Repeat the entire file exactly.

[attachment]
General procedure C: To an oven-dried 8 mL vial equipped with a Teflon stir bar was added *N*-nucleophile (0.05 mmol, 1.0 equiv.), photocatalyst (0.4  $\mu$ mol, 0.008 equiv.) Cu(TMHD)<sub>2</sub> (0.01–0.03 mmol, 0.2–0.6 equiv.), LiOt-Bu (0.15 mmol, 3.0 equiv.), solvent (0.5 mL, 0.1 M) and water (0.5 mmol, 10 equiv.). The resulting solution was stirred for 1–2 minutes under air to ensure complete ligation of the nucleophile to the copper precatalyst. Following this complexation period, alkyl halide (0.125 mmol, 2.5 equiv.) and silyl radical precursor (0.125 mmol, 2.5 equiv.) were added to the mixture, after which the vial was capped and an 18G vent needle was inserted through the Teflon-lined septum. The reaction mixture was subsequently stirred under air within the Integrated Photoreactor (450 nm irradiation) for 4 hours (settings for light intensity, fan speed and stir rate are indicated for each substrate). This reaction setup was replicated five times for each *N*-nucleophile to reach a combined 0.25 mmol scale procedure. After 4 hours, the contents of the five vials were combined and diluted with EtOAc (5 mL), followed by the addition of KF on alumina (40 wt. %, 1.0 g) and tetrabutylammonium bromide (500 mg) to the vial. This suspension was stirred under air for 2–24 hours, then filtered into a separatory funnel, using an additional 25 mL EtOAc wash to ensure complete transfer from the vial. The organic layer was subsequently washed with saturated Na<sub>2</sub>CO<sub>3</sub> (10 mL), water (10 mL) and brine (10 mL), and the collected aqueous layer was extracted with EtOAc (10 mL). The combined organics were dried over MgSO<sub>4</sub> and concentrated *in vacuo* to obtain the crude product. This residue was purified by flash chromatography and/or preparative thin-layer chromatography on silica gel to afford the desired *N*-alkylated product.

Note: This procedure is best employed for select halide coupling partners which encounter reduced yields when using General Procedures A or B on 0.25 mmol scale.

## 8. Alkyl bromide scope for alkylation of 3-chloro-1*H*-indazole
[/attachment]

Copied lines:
General procedure C: To an oven-dried 8 mL vial equipped with a Teflon stir bar was added *N*-nucleophile (0.05 mmol, 1.0 equiv.), photocatalyst (0.4  $\mu$ mol, 0.008 equiv.) Cu(TMHD)<sub>2</sub> (0.01–0.03 mmol, 0.2–0.6 equiv.), LiOt-Bu (0.15 mmol, 3.0 equiv.), solvent (0.5 mL, 0.1 M) and water (0.5 mmol, 10 equiv.). The resulting solution was stirred for 1–2 minutes under air to ensure complete ligation of the nucleophile to the copper precatalyst. Following this complexation period, alkyl halide (0.125 mmol, 2.5 equiv.) and silyl radical precursor (0.125 mmol, 2.5 equiv.) were added to the mixture, after which the vial was capped and an 18G vent needle was inserted through the Teflon-lined septum. The reaction mixture was subsequently stirred under air within the Integrated Photoreactor (450 nm irradiation) for 4 hours (settings for light intensity, fan speed and stir rate are indicated for each substrate). This reaction setup was replicated five times for each *N*-nucleophile to reach a combined 0.25 mmol scale procedure. After 4 hours, the contents of the five vials were combined and diluted with EtOAc (5 mL), followed by the addition of KF on alumina (40 wt. %, 1.0 g) and tetrabutylammonium bromide (500 mg) to the vial. This suspension was stirred under air for 2–24 hours, then filtered into a separatory funnel, using an additional 25 mL EtOAc wash to ensure complete transfer from the vial. The organic layer was subsequently washed with saturated Na<sub>2</sub>CO<sub>3</sub> (10 mL), water (10 mL) and brine (10 mL), and the collected aqueous layer was extracted with EtOAc (10 mL). The combined organics were dried over MgSO<sub>4</sub> and concentrated *in vacuo* to obtain the crude product. This residue was purified by flash chromatography and/or preparative thin-layer chromatography on silica gel to afford the desired *N*-alkylated product.

Note: This procedure is best employed for select halide coupling partners which encounter reduced yields when using General Procedures A or B on 0.25 mmol scale.

## 8. Alkyl bromide scope for alkylation of 3-chloro-1*H*-indazole